Judy Sleed is a 91-year-old Holocaust survivor who escaped when Nazi troops invaded Hungary in 1944. She was just 12 years old. Her mother, father, and older brother were all killed. She recently told her story in the documentary “I am Judit,” directed by Christiane Arbesu.
“I met Judy through Michael Clark, the executive director at LTV,” said Arbesu. “It was the first time that Judy really talked about her experience and what it felt like to lose her family. I guess what I wanted to show in the film was how Holocaust survivors have such a profound strength in them. I wanted to show that it’s not about her suffering, but it’s about her living.”
Sleed tells the story of her harrowing childhood, and the painful memories she had never discussed in detail with her own children until the film.
“She was living without any family at the age of 12. That’s why at the beginning I asked her about a time with her family. She’s dancing with her father. That’s one of my favorite scenes in the film when you see the phonograph, and I wanted to show the absurdity of how here you are just having a normal family dinner, and boom, it’s completely changed. Your father’s dead, your brother’s dead, and then two days later, your mother hears something on the radio and goes and reports and ends up getting killed,” said Arbesu.
“I didn’t know what was going on in Europe because my mother shielded me. Anytime there was talk of anything bad she would cover my ears,” said Sleed in the documentary.
Sleed is a longtime resident of East Hampton who has hosted a local talk show “The Play is the Thing” on LTV for the past 20 years. While she loves to share other people’s stories, in the documentary she shares her own.
She also wrote a play about her experience called “Delibab,” named after the street she was living on with a group of children following her escape.
“Another poignant scene for me is when she’s reading from the play to her children,” said Arbesu. “Her mother chose to obey the order and she leaves. I still always get so choked up when her mother says to her, ‘somebody will love you the way I love you. You will be loved.’ Those were the parting words and her mother’s cheeks were wet. And that just always got me.”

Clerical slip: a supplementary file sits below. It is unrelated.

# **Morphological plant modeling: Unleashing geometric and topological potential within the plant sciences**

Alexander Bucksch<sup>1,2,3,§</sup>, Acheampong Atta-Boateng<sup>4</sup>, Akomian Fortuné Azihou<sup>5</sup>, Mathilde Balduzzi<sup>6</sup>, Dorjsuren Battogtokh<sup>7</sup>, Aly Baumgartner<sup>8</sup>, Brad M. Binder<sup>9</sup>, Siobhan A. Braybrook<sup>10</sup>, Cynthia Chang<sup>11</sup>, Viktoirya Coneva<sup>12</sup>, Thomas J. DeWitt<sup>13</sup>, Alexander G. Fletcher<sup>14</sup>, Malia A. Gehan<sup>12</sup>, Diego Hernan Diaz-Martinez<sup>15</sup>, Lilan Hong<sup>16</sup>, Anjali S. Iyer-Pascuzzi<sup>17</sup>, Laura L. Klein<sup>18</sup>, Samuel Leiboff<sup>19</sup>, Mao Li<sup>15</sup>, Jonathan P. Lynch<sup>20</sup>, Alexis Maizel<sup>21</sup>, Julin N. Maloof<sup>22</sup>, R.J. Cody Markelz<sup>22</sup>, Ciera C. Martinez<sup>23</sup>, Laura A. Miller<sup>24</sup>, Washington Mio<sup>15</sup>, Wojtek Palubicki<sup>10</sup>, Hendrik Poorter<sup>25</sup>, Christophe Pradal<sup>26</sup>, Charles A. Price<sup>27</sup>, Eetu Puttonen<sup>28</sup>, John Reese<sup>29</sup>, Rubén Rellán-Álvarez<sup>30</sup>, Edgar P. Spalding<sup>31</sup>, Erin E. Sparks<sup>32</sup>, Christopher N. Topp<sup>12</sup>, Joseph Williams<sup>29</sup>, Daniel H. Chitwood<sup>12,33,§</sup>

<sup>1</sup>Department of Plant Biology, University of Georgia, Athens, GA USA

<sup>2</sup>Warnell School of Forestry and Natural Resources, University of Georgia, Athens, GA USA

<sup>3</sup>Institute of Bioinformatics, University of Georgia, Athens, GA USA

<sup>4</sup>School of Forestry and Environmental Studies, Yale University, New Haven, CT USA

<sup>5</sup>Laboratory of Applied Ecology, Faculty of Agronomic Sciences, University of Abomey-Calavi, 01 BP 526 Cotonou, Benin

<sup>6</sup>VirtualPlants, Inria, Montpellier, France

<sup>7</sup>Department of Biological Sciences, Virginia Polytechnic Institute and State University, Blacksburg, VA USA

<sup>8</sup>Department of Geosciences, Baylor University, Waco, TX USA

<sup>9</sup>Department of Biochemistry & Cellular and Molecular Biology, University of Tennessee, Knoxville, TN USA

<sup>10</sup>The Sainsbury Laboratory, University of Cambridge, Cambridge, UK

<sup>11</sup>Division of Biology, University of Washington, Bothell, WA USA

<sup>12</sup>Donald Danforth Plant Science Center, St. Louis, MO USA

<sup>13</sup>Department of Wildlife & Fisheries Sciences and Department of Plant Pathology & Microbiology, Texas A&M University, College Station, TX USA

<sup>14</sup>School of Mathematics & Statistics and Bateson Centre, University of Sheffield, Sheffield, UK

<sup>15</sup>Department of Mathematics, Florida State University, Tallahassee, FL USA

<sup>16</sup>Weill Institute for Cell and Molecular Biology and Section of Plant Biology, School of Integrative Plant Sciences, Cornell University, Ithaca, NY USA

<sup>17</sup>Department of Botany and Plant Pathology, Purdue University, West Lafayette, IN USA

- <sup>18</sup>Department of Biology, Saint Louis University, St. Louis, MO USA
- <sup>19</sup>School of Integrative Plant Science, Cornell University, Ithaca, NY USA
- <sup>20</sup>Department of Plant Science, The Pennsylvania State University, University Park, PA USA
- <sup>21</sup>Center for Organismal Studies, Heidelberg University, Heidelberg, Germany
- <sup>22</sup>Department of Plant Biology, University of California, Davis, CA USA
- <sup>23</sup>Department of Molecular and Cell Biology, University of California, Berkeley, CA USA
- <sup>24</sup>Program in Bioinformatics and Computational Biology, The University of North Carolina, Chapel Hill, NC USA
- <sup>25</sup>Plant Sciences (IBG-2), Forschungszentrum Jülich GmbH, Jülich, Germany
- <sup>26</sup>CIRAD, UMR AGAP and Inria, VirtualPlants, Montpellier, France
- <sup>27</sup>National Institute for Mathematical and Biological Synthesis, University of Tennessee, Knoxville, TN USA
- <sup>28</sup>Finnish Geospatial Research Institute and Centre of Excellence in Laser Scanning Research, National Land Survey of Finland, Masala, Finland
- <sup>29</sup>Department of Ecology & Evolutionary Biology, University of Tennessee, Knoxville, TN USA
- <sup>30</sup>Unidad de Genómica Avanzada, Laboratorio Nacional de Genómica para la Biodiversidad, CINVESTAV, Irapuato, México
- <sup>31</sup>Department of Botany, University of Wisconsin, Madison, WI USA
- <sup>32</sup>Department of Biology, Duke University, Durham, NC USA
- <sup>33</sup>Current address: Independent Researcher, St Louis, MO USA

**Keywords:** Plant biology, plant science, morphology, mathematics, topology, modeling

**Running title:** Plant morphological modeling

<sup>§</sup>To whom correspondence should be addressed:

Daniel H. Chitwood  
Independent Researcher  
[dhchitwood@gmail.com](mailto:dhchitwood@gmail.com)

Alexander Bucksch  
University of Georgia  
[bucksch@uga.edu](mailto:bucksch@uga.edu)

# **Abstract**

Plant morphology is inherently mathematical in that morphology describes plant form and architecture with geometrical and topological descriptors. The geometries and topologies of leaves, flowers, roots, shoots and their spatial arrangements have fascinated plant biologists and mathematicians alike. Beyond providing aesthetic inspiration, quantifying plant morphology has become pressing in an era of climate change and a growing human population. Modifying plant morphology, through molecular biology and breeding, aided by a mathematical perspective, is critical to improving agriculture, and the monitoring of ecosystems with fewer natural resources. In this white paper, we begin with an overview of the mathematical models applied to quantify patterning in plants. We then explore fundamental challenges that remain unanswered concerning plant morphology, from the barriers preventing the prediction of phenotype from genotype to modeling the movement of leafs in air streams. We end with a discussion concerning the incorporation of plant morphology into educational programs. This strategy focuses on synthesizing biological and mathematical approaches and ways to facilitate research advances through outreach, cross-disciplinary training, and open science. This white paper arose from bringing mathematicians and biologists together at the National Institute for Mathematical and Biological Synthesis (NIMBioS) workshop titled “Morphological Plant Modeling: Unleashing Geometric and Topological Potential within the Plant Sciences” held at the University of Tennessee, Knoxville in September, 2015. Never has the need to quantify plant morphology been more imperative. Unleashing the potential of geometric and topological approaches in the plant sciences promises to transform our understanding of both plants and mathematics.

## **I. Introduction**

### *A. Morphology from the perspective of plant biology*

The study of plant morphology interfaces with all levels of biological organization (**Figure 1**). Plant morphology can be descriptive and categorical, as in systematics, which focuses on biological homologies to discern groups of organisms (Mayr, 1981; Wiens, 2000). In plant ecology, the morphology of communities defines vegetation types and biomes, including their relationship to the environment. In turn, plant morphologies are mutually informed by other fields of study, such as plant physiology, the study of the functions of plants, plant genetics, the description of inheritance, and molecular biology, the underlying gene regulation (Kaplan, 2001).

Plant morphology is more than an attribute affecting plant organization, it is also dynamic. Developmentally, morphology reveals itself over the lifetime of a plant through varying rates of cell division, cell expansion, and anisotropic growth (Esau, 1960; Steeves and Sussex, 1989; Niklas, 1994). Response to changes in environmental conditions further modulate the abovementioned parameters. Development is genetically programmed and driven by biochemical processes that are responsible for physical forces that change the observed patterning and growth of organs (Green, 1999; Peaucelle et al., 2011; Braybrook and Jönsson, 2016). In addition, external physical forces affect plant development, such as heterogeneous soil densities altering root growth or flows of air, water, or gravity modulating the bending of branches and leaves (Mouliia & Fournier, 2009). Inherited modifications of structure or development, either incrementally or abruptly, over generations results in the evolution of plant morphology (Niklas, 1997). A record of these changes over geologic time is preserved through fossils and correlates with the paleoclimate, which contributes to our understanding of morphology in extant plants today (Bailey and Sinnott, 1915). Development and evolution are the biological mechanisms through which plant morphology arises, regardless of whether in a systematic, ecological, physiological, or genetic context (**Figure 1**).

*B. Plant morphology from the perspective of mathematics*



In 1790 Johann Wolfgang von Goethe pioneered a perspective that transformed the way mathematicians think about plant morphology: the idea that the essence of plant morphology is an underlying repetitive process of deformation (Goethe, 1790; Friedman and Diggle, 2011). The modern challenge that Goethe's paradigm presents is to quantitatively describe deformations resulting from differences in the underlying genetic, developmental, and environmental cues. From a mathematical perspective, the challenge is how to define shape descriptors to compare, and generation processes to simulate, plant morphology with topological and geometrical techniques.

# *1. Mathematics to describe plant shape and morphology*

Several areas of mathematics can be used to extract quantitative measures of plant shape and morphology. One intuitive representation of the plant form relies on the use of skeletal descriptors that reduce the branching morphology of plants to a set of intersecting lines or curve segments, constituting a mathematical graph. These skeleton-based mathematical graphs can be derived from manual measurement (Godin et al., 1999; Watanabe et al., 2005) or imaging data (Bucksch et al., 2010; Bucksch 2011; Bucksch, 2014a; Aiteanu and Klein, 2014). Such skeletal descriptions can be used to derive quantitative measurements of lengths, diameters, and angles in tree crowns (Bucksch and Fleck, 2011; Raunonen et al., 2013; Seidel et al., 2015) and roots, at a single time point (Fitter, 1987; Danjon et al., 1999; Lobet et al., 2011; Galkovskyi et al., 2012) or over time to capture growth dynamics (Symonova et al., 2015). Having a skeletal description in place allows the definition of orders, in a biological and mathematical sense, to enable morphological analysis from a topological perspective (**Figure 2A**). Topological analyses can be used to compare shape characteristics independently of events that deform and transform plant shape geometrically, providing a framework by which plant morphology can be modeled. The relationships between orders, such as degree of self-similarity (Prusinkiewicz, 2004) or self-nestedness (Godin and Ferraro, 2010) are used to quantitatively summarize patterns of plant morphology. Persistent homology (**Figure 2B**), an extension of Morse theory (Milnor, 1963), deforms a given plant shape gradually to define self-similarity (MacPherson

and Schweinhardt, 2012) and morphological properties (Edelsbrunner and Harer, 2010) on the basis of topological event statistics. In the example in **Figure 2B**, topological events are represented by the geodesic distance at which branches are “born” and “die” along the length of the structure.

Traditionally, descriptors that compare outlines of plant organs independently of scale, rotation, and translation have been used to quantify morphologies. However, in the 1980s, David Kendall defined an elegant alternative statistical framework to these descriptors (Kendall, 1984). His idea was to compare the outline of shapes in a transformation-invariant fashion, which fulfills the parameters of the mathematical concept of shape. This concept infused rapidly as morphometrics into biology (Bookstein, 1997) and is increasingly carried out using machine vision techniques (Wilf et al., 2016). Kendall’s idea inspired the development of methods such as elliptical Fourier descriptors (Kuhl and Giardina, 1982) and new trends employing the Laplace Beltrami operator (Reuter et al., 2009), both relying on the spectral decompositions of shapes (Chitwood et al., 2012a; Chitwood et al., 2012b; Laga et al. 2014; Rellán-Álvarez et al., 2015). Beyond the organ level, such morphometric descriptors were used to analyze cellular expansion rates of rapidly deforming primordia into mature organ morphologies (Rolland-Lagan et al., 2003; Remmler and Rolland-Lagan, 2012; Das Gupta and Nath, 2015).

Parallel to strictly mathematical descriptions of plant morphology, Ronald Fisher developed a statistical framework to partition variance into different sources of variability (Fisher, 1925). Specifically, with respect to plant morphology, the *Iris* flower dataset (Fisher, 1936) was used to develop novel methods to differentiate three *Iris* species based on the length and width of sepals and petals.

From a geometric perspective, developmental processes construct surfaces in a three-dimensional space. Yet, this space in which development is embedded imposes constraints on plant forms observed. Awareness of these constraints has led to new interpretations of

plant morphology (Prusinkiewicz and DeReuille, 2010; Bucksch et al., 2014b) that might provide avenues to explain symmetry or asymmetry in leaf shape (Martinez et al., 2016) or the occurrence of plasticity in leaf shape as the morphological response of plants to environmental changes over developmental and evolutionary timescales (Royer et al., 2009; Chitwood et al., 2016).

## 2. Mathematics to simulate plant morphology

There’s also the timeliness to the story as there are fewer Holocaust survivors alive who remember.
“I was watching the news back in 2022 and there was a lot of coverage on the highest incidents of hate crimes against the Jews since World War II. It just kept coming up. Then Michael sends me a text or an email, ‘There’s this woman that wants to have her story told,'” Arbesu recalled. “I wanted to do it. I’m not Jewish. Doesn’t matter. People need to know. Kids in high school don’t know what the Holocaust is. Kids in college don’t know the Holocaust. So I wanted to — I needed to tell that story. I want this documentary to be shown in schools.”
“I feel that it’s important to tell the story so it should stay in history that this did happen,” said Sleed in the film. The film is meant to be a lesson in history, and a lesson to not let history repeat itself.
“I guess it was also my way of trying to understand,” said Arbesu on directing the documentary. “Of course I didn’t come any closer to understanding how this could be done. But what I did understand is that the spirit is so resilient and so strong.”
Sleed’s outlook in the film is uplifting as she tells her story of survival.
“And that’s why I ended it in song,” said Arbesu. “I feel that was the only way to end it. With the song from her play, because that’s who she is. I didn’t wanna get too heavy into her sadness… She’s such a positive, happy person. You love her just from the moment you see her.”
The film is a captivating portrait of Sleed. Four generations of her family — children, grandchildren, and great-grandchildren — join her in the documentary, as does Julie Ratner of the Ellen Hermanson Foundation and Sara Blue of Maureen’s Haven, both friends of Sleed’s.
Her goal was to tell her story, and to spread awareness. “If we can just make one person aware of what happened, and one person to just realize that hate is so bad, and we’re all the same, and that love is the strongest force and light, then we’ve done it, we’ve succeeded. That’s all we want,” said Arbesu.
How would Arbesu describe Sleed? “She is just a firecracker.”
One word that Sleed would use to describe herself: “Survivor.”
The film will screen on Saturday, November 11, at 6 PM, at LTV. The screening is free to the public and there is a Q & A with Arbesu and Sleed planned. The evening will also honor Sleed’s 20-plus years producing “The Play is the Thing,” where’s she has done over 100 shows.